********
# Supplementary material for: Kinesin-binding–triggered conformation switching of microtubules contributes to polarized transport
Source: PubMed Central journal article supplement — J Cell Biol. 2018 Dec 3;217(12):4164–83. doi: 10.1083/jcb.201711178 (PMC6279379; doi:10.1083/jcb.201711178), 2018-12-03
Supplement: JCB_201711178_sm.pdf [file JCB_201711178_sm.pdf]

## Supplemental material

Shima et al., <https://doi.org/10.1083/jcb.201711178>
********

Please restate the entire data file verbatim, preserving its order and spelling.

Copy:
# Supplementary material for: Kinesin-binding–triggered conformation switching of microtubules contributes to polarized transport
Source: PubMed Central journal article supplement — J Cell Biol. 2018 Dec 3;217(12):4164–83. doi: 10.1083/jcb.201711178 (PMC6279379; doi:10.1083/jcb.201711178), 2018-12-03
Supplement: JCB_201711178_sm.pdf [file JCB_201711178_sm.pdf]

## Supplemental material

Shima et al., <https://doi.org/10.1083/jcb.201711178>